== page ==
Lyme Academy brings its class for high-schoolers to the Lyman Allyn
The only sound is of pencils scratching on drawing paper as students sketch the model posing in front of the class. The teenagers gaze at the model and then at their paper as they studiously draw the head cocked this way or an arm held that way. Teacher Teresa Bonillo walks among the easels and observes, occasionally offering the students advice — suggesting to one student, for instance, that she tighten her wrist.
These high-school students are working as part of a pre-college life-drawing class being offered by Lyme Academy College of Fine Arts, a college of the University of New Haven.
The difference, though, is that the session isn’t taking place on the academy’s Old Lyme campus but rather in New London, at the Lyman Allyn Art Museum.
Lyme Academy tries to provide high school students, especially those in underserved communities, with foundational training in the fine arts by bringing them to its Old Lyme campus, says Marguerite d’Aprile Quigley, who is director of Lyme Academy’s Center for Arts Programing.
“Although we’ve tried to do this for quite a while, what we’re struggling with more and more is we’re unable to reach the students that need it the most largely because of transportation needs,” d’Aprile Quigley says.
Last summer, Lyme Academy launched its Pre-College Academy, and four students from New London public schools wanted to participate. Lyme Academy gave them all full scholarships — but the teens couldn’t get transportation from New London to Old Lyme and so couldn’t attend.
That led to a conversation between Lyme Academy and Lyman Allyn officials. (D’Aprile Quigley is married to D. Samuel Quigley, director of the Lyman Allyn.)
The focus was on how the two facilities might work together to bring some of the Lyme programming into New London. Lyman Allyn, which provides a summer camp for students through eighth grade, said the programs could use its facilities during the academic year.
D’Aprile Quigley says, “They are thrilled because it brings high school students into the museum. We’re thrilled because we can now reach students for whom transportation was a barrier.”
Another note on the transportation issue: An anonymous woman contacted d’Aprile Quigley to say she would pay for a taxi if any of the participating New London students couldn’t get from the high school to the museum or from the museum back home.
“It’s one of those feel-good things,” d’Aprile Quigley says, adding that it’s wonderful for kids “to know there are people in the greater community who want to help.”
The Thursday night class at Lyman Allyn is filled, having reached its 12-person maximum. The students come from seven towns: East Lyme, Old Lyme, Montville, New London, East Haddam, Colchester and Clinton. Leading the sessions is Bonillo, a Lyme Academy alum who grew up in New London and now teaches art at Stonington High School.
Eric Gilmore, a New London High School senior, says he was interested in last summer’s Lyme Academy Pre-College Academy with the idea “that it could help me get into college and that it would provide (me with) more artistic background and understanding.”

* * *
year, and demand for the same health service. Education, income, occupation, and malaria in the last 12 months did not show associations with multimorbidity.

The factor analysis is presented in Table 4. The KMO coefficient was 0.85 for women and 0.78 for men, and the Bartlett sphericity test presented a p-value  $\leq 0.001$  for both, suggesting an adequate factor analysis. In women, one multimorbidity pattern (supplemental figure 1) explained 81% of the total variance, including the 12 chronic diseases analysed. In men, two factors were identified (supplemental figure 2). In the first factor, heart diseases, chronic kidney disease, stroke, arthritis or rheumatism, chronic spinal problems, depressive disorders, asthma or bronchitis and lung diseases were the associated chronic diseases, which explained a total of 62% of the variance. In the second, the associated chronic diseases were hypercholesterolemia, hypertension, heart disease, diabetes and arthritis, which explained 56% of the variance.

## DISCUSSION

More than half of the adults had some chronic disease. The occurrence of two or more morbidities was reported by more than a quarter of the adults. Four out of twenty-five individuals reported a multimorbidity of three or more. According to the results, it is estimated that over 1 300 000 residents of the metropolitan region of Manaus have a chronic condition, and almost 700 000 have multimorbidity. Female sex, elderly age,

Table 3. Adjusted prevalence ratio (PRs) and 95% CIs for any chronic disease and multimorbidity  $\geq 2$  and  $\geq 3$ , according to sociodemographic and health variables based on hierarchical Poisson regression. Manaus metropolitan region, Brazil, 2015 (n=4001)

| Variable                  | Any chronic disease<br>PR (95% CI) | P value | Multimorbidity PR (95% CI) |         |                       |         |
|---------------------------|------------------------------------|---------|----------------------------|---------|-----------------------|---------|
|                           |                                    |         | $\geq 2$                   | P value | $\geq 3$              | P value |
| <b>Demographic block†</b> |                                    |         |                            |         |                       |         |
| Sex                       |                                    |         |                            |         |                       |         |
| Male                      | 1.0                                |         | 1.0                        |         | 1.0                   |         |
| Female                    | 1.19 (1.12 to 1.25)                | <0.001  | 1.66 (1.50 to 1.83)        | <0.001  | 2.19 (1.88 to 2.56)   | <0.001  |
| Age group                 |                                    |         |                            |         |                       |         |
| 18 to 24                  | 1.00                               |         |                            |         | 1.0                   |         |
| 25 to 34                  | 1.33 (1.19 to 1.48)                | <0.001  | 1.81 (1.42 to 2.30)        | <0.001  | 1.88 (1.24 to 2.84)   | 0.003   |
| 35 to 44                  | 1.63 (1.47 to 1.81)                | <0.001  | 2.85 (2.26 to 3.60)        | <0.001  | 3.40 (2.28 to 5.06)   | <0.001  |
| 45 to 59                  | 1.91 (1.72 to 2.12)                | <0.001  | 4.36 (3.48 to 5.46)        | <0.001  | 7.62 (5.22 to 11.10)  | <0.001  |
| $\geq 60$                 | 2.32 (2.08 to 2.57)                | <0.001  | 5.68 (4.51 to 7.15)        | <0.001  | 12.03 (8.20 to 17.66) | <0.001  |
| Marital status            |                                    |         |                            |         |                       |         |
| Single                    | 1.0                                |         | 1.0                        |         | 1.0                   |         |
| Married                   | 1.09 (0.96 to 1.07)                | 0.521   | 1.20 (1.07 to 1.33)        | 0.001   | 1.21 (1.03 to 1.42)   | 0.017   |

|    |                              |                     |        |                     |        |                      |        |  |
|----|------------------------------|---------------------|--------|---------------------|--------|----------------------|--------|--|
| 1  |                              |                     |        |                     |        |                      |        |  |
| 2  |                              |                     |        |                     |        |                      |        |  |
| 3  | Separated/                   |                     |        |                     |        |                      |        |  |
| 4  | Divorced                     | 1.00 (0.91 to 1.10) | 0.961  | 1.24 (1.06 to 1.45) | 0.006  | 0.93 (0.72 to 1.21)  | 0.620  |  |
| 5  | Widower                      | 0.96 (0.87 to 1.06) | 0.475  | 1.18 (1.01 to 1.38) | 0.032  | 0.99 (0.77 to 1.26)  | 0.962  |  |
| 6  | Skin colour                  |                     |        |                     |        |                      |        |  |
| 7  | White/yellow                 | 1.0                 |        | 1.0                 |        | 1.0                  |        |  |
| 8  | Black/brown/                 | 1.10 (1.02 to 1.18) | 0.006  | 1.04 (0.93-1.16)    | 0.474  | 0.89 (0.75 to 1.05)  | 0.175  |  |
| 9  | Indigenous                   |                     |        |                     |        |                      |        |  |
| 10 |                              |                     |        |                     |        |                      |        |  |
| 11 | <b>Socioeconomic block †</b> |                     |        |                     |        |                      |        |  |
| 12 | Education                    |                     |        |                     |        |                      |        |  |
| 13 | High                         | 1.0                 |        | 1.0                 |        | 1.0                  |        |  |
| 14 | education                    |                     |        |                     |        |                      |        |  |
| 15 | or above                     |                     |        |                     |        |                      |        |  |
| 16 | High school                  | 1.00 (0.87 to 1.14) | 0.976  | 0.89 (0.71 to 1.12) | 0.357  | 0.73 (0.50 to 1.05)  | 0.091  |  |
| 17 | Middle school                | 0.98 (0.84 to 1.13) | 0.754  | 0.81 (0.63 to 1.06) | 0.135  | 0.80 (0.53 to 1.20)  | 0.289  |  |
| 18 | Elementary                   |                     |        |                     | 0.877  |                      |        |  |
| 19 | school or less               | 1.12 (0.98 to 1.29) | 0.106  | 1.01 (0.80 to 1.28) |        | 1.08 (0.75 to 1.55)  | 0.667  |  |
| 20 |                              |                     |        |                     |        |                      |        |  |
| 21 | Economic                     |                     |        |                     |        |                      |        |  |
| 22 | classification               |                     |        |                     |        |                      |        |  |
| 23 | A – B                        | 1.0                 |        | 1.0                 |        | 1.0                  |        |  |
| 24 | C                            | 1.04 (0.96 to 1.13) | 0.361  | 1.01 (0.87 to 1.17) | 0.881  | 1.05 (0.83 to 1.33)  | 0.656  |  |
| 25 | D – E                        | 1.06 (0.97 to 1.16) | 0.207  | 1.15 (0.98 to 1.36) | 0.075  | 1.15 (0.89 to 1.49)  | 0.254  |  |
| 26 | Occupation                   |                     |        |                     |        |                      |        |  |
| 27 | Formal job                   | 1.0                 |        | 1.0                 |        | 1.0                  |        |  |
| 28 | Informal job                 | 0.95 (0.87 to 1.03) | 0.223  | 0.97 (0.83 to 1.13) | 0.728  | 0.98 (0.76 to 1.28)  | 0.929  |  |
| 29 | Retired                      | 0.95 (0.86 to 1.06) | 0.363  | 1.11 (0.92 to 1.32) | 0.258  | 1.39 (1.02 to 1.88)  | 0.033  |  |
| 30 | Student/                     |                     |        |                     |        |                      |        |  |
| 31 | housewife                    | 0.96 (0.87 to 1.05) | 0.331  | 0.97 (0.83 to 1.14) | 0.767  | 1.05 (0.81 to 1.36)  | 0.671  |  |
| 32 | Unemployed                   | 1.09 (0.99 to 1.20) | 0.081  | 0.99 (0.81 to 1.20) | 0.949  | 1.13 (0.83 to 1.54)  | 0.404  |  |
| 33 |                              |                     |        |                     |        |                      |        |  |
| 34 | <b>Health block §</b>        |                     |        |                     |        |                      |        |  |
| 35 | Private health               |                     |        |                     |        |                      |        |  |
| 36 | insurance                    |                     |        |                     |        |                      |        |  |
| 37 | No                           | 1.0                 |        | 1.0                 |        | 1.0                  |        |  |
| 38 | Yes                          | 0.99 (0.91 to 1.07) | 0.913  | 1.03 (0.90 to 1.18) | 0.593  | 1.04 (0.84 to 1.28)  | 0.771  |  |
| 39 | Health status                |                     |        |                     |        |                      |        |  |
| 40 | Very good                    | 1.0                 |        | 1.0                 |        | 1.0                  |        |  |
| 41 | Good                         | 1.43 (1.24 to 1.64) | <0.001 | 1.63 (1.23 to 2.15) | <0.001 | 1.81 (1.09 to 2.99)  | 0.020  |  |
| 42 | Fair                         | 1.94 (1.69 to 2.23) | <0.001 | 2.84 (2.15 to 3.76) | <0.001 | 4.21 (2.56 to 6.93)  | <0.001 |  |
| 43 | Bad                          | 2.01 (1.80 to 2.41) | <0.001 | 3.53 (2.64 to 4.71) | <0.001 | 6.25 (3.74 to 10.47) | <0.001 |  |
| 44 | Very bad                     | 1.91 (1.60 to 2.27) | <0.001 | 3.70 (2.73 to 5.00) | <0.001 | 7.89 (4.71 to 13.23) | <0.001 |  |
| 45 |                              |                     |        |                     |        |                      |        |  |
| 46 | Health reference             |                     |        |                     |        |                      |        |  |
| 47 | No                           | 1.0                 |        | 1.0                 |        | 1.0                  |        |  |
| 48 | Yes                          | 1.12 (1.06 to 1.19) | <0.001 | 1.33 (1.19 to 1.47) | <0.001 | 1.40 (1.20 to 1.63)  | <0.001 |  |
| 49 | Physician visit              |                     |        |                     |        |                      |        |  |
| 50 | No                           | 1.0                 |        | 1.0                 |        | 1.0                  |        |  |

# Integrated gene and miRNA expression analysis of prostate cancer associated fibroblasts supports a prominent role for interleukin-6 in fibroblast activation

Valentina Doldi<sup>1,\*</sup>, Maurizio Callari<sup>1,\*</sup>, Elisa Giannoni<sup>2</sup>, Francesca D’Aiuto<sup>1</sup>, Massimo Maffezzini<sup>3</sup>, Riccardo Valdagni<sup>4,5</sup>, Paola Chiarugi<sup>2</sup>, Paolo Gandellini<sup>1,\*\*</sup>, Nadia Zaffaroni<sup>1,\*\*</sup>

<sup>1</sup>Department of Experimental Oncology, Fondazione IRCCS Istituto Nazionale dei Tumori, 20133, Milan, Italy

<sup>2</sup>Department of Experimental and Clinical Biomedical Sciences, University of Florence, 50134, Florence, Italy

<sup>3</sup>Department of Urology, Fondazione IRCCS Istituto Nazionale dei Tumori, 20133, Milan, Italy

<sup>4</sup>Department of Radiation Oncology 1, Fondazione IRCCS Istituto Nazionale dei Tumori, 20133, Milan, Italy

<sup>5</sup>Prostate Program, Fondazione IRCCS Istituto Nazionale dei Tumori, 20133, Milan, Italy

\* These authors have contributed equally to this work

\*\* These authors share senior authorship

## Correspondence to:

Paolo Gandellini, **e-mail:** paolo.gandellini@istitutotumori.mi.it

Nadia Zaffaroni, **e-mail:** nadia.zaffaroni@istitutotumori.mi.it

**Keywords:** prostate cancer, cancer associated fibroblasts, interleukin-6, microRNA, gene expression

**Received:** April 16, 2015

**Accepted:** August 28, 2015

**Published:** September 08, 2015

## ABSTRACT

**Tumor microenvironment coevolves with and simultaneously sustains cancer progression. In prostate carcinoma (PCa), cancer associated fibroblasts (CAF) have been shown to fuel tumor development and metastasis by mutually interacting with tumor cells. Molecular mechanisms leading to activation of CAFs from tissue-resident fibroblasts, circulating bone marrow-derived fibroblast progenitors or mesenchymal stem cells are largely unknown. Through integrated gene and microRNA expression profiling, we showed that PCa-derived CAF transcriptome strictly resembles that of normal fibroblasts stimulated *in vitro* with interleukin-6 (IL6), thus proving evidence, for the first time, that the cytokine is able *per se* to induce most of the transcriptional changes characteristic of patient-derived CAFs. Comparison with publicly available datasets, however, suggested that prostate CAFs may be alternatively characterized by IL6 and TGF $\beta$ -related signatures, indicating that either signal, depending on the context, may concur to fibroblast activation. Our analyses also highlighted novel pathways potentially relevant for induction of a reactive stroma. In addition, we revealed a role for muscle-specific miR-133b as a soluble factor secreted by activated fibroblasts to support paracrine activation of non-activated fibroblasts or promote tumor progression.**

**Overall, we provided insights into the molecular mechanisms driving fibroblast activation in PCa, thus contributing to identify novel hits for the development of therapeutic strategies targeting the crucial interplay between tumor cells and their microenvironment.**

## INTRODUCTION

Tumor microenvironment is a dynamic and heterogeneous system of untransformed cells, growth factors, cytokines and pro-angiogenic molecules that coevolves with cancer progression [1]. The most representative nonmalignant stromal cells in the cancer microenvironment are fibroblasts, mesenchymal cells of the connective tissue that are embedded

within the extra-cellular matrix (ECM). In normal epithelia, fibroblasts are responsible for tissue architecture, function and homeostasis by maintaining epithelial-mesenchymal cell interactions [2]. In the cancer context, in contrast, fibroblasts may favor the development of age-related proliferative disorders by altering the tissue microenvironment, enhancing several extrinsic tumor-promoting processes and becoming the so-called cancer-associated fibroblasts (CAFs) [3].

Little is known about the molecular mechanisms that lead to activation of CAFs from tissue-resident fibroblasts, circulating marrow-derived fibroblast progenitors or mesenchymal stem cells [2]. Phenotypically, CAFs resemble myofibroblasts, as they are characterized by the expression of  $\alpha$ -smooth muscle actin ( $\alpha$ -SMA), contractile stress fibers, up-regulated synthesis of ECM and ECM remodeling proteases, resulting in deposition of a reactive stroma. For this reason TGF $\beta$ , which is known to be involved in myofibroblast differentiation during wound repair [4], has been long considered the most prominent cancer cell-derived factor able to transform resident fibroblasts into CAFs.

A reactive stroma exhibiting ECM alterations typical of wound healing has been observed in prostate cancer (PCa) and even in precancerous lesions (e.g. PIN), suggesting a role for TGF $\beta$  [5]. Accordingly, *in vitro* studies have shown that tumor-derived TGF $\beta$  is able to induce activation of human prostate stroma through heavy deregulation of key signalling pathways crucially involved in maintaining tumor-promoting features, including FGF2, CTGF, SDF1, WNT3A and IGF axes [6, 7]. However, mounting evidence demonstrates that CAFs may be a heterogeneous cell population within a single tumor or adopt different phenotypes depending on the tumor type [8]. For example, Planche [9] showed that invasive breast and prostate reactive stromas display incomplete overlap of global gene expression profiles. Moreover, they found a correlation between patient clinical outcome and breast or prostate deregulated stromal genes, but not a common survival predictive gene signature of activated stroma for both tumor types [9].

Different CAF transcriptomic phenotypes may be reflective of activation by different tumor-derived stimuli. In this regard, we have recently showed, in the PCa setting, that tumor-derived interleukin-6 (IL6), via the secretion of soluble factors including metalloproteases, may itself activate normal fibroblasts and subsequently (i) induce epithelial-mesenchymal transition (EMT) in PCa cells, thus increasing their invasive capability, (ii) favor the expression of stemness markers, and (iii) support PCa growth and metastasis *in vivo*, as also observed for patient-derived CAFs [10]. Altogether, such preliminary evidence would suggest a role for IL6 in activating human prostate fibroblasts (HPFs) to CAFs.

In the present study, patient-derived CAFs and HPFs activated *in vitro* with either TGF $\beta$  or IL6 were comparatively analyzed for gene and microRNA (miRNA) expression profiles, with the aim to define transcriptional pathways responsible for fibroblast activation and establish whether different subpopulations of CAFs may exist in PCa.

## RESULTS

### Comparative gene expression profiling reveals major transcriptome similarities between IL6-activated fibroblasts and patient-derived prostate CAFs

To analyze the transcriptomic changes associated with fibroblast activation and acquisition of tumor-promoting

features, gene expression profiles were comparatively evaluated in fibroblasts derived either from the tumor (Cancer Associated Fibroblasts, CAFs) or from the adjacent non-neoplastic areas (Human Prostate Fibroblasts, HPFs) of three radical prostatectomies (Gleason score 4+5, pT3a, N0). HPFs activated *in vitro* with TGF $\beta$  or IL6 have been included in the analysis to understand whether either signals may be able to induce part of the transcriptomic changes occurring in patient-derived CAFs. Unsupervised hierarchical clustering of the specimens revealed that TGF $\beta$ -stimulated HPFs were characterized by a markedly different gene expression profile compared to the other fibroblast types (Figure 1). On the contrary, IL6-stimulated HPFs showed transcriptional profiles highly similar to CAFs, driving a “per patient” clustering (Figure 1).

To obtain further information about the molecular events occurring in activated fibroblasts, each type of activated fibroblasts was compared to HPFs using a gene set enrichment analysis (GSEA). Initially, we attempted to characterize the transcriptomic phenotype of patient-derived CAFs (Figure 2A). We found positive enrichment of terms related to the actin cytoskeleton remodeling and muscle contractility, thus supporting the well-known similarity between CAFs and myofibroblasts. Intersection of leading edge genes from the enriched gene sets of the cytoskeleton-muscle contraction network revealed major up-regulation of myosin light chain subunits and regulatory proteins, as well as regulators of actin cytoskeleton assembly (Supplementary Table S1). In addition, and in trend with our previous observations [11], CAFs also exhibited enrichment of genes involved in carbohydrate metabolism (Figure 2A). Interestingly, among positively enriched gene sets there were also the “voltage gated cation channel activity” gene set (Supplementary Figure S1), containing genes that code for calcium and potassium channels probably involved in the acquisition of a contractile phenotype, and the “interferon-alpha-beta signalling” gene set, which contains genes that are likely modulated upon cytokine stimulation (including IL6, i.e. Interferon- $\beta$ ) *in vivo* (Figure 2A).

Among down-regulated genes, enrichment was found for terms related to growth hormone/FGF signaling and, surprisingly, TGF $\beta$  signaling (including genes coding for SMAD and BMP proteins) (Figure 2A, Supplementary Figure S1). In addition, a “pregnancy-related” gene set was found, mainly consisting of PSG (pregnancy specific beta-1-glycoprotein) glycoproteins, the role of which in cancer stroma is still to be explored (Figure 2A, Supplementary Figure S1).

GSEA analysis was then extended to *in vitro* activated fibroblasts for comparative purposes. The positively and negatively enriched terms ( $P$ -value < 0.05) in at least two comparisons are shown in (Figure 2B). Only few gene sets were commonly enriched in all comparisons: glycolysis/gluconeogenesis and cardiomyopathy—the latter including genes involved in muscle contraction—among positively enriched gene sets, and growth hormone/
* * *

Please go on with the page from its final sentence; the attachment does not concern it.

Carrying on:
When he learned he couldn’t attend because of a lack of transportation, he spent time instead working on what he could on his own, including his portfolio. Then, he says, “when my teacher told me about (the fall sessions in New London), she was like, ‘Okay, this is a sure thing,’ I was like, ‘Really? Yay. Okay.’”
Kimberly Green, a New London High School sophomore who’d like to work in animation, says of the class at Lyman Allyn, “It’s been really fun. I’m learning a lot of things.”
The class involves life drawing, and d’Aprile Quigley says, “Why this is critical is that no high school, whether it’s public or private, brings real models into the classroom. Yet, when a high school student is putting together their portfolio and applying to college, especially to an art school, if they have examples of life drawing in their portfolio, it’s a clear indicator to a college admissions officer that they’re serious because they’re engaging in instruction outside of the classroom. So it kind of gives that student a leg up — here’s a real serious student, they’re taking either private instruction or going someplace outside of the classroom to learn how to do life drawing, observational drawing.”
Consequently, she says, this program helps level the playing field for all students.
Class tuition is $185, which includes drawing materials and supplies. Four students received full scholarships.
Lyme Academy is looking to offer a spring session of pre-college classes in both Old Lyme and New London. Registration would open Feb. 1, and classes would start March 15. (In addition, Lyme Academy offers open figure drawing classes every Saturday from 10 a.m. to 1 p.m. at its Old Lyme campus; it’s open to anyone in the community and is free to students with I.D.)
The benefits of this pre-college program extend beyond students who plan to become artists.
“Whether a student goes on to go to an art school or to get a BFA, just that exposure to the arts helps open up all kinds of creative and innovative thinking, and that kind of thinking is paramount in every industry,” d’Aprile Quigley says. “Whether it’s in the arts or whether it’s in business, we need creative, innovative thinkers.”